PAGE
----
The reverend Bādarāyaṇa maintains the previously declared awarding of rewards by the Supreme Person since the scriptural texts referring to the different sacrifices declare that the deities only, Agni, Vāyu, and so on, who are propitiated by the sacrifices--which are nothing else but means to propitiate deities--are the cause of the rewards attached to the sacrifices. Compare texts such as 'Let him who is desirous of prosperity offer a white animal to Vāyu. For Vāyu is the swiftest god. The man thus approaches Vāyu with his proper share, and Vāyu leads him to prosperity.' And the whole instruction which the texts give, as to the means by which men desirous of certain results are to effect those results, is required on account of the injunctions only, and hence it cannot be doubted that it has reference to the injunctions. The apparatus of means to bring about the results thus being learnt from the text only, no person acquainted with the force of the means of proof will assent to that apparatus, as stated by the text, being set aside and an apūrva about which the text says nothing being fancifully assumed. And that the imperative verbal forms of the injunctions denote as the thing to be effected by the effort of the sacrificer, only that which on the basis of the usage of language and grammatical science is recognised as the meaning of the root-element of such words as ' yageta,' viz. the sacrifice (Yāga), which consists in the propitiation of a divine being, and not some additional supersensuous thing such as the apūrva, we have already proved above. Texts such as 'Vāyu is the swiftest god' teach that Vāyu and other deities are the bestowers of rewards. And that it is fundamentally the highest Self--as constituting the inner Self of Vāyu and other deities--which is pleased by offerings, and bestows rewards for them is declared by texts such as 'Offerings and pious works, all this he bears who is the nave of the Universe. He is Agni and Vāyu, he is Sun and Moon' (Mahānār. Up. I, 6, 7). Similarly in the Antaryāmin-brāhmaṇa, 'He who dwells in Vāyu, of whom Vāyu is the body'; 'He who dwells in Agni,' etc. Smriti expresses itself similarly, 'Whatsoever devotee wishes to worship with faith whatsoever divine form, of him do I make that faith unshakable. Endued with such faith he endeavours to propitiate him and obtains from him his desires--those indeed being ordained by me' (Bha. Gī. VII, 21-22); 'For I am the enjoyer and the Lord of all sacrifices' (IX, 24)--where Lord means him who bestows the reward for the sacrifices. 'To the gods go the worshippers of the gods, and those devoted to me go to me' (VII, 23). In ordinary life men, by agriculture and the like, acquire wealth in various forms, and by means of this propitiate their king, either directly or through his officials and servants; and the king thereupon is seen to reward them in a manner corresponding to the measure of their services and presents. The Vedānta-texts, on the other hand, give instruction on a subject which transcends the sphere of all the other means of knowledge, viz. the highest Person who is free from all shadow even of imperfection, and a treasure-house as it were of all exalted qualities in their highest state of perfection; on sacrifices, gifts, oblations, which are helpful towards the propitiation of that Person; on praise, worship, and meditation, which directly propitiate him; and on the rewards which he, thus propitiated, bestows, viz. temporal happiness and final Release.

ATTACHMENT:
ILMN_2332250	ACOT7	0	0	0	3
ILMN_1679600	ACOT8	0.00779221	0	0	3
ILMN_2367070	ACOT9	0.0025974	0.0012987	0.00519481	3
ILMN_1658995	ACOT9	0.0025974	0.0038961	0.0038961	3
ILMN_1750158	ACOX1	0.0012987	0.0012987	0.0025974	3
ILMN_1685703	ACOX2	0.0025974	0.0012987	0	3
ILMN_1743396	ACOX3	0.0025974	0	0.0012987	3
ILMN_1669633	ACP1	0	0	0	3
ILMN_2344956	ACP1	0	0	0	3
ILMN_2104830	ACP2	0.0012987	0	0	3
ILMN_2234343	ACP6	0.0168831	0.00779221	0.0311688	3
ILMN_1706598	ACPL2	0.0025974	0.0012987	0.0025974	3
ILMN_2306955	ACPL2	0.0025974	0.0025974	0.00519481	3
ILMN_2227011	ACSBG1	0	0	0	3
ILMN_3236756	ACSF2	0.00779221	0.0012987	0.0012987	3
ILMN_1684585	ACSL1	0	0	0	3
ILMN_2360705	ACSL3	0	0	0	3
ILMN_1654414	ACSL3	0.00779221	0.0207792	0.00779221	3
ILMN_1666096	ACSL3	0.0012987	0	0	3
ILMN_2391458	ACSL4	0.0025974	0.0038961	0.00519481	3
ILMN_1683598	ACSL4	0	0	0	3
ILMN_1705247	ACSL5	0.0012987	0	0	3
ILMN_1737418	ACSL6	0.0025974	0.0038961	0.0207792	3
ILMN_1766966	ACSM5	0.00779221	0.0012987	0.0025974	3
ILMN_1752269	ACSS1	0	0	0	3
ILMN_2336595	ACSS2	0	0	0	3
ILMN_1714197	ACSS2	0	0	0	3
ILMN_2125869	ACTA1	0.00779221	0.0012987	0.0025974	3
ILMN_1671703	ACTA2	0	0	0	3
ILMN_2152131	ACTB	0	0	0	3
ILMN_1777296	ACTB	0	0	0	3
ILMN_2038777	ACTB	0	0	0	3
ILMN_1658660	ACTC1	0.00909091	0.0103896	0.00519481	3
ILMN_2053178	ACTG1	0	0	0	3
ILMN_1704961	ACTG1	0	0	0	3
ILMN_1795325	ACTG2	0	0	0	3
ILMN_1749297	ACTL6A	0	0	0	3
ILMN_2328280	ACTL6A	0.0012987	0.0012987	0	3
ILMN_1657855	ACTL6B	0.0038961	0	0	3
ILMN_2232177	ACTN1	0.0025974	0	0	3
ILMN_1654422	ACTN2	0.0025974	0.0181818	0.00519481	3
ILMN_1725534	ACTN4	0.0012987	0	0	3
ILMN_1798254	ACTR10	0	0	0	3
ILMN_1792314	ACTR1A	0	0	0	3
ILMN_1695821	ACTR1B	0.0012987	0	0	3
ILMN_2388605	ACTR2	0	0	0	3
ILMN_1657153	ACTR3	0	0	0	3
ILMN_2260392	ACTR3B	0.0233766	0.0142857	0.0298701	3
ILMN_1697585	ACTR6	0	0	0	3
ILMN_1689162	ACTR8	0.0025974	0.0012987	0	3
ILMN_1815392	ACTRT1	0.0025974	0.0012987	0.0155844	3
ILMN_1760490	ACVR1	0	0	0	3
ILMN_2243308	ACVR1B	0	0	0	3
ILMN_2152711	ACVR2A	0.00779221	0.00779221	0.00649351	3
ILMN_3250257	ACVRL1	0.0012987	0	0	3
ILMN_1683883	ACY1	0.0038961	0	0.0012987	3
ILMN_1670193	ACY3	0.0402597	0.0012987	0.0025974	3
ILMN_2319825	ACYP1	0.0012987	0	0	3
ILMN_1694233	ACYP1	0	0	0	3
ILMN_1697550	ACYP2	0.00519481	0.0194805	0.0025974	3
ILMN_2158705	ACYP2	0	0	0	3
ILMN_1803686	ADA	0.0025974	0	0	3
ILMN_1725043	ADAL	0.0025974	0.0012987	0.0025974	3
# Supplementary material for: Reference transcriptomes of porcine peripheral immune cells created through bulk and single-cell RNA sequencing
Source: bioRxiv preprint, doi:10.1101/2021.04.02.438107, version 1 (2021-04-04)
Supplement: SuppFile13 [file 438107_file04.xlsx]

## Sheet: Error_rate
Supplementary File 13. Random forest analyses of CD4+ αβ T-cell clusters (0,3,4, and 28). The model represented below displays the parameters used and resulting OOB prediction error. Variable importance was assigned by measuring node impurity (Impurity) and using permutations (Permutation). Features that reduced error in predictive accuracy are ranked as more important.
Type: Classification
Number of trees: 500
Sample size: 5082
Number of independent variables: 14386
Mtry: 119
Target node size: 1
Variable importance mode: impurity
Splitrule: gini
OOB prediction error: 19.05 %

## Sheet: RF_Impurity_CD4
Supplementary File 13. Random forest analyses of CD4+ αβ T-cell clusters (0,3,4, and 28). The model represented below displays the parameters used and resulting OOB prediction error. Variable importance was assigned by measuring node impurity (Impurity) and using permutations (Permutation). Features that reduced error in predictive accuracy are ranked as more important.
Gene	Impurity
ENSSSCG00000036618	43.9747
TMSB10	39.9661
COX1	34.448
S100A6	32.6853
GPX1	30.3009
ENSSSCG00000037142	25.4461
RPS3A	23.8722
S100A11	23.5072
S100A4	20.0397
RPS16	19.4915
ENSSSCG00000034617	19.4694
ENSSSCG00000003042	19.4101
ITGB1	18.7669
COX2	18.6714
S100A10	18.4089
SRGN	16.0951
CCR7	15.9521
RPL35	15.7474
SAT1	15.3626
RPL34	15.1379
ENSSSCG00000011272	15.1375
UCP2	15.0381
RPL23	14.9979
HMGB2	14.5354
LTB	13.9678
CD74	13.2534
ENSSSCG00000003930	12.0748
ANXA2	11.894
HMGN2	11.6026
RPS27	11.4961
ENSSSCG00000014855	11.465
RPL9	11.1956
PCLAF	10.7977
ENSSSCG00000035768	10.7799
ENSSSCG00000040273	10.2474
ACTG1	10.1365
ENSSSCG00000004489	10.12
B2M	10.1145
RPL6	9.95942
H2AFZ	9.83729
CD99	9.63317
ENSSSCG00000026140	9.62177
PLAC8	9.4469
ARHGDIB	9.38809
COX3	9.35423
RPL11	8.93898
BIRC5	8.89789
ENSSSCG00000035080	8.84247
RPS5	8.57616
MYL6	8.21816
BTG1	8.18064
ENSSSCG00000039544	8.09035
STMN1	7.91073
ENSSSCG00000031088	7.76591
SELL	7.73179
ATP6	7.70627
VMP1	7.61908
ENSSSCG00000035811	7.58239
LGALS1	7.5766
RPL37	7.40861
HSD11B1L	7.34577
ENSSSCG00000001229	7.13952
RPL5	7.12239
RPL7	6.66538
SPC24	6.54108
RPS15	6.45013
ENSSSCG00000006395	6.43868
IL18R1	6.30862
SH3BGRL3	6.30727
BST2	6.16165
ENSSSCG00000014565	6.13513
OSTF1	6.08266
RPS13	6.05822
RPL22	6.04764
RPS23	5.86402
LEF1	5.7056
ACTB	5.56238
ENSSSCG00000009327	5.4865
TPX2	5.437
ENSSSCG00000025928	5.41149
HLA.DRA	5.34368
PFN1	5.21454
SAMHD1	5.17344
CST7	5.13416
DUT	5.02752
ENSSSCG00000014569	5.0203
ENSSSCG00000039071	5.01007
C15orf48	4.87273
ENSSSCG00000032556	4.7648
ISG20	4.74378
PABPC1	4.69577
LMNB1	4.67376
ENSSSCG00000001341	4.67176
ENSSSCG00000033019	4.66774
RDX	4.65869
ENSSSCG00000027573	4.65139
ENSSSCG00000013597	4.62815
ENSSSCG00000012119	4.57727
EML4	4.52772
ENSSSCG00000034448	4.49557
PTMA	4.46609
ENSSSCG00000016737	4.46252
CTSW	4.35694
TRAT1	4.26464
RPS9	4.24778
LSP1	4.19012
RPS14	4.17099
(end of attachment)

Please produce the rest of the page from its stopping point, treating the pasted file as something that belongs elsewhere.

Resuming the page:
--Here terminates the Adhikaraṇa of 'reward.'